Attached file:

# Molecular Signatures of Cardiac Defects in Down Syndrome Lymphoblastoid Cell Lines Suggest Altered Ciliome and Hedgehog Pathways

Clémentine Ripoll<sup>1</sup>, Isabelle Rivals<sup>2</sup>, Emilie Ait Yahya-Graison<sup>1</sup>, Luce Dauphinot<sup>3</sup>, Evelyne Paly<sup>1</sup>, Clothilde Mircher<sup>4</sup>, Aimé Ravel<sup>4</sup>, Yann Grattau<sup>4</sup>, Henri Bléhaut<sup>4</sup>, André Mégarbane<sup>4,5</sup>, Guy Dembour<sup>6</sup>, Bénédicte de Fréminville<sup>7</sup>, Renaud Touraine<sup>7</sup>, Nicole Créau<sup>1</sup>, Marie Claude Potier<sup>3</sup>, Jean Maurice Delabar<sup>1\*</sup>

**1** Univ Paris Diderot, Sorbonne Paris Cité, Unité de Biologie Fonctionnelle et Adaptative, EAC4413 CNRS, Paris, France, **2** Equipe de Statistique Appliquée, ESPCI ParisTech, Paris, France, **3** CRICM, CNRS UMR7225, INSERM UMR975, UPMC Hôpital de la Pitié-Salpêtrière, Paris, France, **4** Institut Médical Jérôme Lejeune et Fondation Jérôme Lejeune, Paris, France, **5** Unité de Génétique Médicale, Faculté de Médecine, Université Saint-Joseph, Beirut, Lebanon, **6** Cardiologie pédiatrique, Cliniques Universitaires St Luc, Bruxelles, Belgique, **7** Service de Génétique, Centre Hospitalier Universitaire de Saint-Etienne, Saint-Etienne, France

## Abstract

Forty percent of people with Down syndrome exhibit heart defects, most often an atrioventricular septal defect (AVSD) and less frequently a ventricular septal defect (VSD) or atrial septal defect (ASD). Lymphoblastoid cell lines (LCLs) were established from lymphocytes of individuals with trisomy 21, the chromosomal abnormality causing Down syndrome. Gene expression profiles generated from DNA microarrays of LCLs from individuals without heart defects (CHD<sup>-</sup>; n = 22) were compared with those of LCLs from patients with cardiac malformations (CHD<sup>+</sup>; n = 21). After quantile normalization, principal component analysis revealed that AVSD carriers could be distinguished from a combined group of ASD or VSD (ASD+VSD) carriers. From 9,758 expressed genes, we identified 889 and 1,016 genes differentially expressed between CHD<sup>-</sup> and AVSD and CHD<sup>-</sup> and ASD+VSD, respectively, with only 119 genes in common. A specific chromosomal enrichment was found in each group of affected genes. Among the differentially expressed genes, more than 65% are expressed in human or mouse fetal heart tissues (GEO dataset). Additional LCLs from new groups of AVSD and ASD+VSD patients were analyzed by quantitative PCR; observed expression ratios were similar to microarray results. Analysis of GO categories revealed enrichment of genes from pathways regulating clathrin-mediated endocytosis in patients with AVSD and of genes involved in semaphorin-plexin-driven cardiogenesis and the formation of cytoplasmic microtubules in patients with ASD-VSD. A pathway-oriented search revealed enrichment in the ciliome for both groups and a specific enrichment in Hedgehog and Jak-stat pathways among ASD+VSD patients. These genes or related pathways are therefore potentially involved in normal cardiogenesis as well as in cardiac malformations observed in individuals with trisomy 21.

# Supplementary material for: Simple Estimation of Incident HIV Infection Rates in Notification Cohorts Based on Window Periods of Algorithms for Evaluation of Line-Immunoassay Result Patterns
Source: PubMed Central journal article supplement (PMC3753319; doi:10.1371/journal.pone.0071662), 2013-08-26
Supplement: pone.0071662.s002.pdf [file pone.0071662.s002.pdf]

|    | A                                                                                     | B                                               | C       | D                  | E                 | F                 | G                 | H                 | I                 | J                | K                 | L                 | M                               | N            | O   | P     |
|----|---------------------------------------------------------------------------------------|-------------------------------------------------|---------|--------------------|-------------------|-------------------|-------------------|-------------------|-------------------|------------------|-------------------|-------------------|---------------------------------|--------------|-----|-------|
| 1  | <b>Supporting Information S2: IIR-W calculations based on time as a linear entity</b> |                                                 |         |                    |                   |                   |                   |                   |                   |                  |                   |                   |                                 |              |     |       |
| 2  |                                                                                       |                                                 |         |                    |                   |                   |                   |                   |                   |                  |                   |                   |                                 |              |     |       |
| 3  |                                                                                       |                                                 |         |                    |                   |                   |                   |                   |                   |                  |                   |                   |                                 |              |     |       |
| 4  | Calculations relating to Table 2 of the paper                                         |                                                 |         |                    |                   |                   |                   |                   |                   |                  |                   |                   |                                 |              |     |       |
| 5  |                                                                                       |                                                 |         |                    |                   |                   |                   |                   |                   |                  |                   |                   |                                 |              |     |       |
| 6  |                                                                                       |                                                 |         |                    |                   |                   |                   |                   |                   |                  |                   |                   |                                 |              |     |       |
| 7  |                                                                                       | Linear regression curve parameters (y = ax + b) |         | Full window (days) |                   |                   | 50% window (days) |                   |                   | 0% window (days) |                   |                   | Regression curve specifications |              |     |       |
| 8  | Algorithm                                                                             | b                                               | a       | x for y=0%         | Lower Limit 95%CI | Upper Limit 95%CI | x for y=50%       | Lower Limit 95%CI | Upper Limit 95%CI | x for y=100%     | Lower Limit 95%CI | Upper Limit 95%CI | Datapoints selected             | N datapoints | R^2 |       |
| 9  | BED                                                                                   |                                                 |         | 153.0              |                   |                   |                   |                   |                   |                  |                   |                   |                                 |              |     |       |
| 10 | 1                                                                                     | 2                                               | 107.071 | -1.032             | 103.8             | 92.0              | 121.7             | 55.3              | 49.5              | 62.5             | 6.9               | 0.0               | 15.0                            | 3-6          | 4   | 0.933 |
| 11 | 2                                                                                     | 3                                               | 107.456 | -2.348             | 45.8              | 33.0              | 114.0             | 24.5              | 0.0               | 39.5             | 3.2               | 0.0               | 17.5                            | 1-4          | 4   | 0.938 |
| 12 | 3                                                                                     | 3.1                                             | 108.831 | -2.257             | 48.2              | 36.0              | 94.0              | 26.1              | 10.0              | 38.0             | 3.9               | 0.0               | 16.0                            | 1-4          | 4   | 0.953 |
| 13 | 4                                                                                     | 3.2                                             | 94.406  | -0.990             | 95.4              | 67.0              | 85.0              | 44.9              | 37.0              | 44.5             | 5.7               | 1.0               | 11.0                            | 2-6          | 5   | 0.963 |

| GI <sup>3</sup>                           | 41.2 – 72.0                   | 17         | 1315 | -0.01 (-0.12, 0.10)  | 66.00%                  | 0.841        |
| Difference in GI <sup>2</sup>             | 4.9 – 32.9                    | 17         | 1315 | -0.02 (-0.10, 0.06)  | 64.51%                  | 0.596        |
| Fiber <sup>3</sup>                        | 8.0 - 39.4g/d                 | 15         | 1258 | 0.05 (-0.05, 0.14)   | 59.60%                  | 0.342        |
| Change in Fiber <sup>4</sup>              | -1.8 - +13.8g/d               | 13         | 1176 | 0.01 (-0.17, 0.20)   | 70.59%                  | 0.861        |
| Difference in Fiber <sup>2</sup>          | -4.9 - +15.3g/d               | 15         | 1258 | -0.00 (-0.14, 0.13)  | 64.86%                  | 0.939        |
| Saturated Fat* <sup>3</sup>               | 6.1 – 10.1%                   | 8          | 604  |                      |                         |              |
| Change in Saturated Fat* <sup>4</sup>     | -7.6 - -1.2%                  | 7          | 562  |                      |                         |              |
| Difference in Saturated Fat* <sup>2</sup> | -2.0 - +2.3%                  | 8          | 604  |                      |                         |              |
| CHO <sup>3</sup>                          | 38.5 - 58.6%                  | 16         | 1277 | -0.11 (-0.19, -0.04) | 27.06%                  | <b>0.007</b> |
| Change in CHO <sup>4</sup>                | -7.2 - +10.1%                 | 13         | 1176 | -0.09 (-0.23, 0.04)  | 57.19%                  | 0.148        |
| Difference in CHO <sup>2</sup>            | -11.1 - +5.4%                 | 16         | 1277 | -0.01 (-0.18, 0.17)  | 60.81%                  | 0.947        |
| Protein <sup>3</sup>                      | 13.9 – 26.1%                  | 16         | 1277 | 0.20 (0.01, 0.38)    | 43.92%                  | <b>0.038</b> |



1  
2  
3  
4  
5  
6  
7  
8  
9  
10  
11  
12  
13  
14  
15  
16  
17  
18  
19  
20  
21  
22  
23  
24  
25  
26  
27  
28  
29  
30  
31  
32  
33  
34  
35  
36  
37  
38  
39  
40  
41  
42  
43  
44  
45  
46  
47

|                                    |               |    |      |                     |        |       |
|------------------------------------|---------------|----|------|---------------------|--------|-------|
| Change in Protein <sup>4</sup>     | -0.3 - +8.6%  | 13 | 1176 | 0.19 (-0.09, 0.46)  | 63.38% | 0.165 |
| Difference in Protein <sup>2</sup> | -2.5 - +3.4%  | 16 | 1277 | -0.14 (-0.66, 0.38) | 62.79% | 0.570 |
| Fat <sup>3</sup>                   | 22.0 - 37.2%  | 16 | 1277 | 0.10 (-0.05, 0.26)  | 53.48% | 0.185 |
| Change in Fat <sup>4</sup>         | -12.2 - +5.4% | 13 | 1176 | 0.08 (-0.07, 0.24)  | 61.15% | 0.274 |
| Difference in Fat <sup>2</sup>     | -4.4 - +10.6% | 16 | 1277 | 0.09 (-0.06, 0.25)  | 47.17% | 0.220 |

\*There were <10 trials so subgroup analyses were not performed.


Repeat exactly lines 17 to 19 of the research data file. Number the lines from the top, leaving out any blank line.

| 7  |                                                                                       | Linear regression curve parameters (y = ax + b) |         | Full window (days) |                   |                   | 50% window (days) |                   |                   | 0% window (days) |                   |                   | Regression curve specifications |              |     |       |
| 8  | Algorithm                                                                             | b                                               | a       | x for y=0%         | Lower Limit 95%CI | Upper Limit 95%CI | x for y=50%       | Lower Limit 95%CI | Upper Limit 95%CI | x for y=100%     | Lower Limit 95%CI | Upper Limit 95%CI | Datapoints selected             | N datapoints | R^2 |       |
| 9  | BED                                                                                   |                                                 |         | 153.0              |                   |                   |                   |                   |                   |                  |                   |                   |                                 |              |     |       |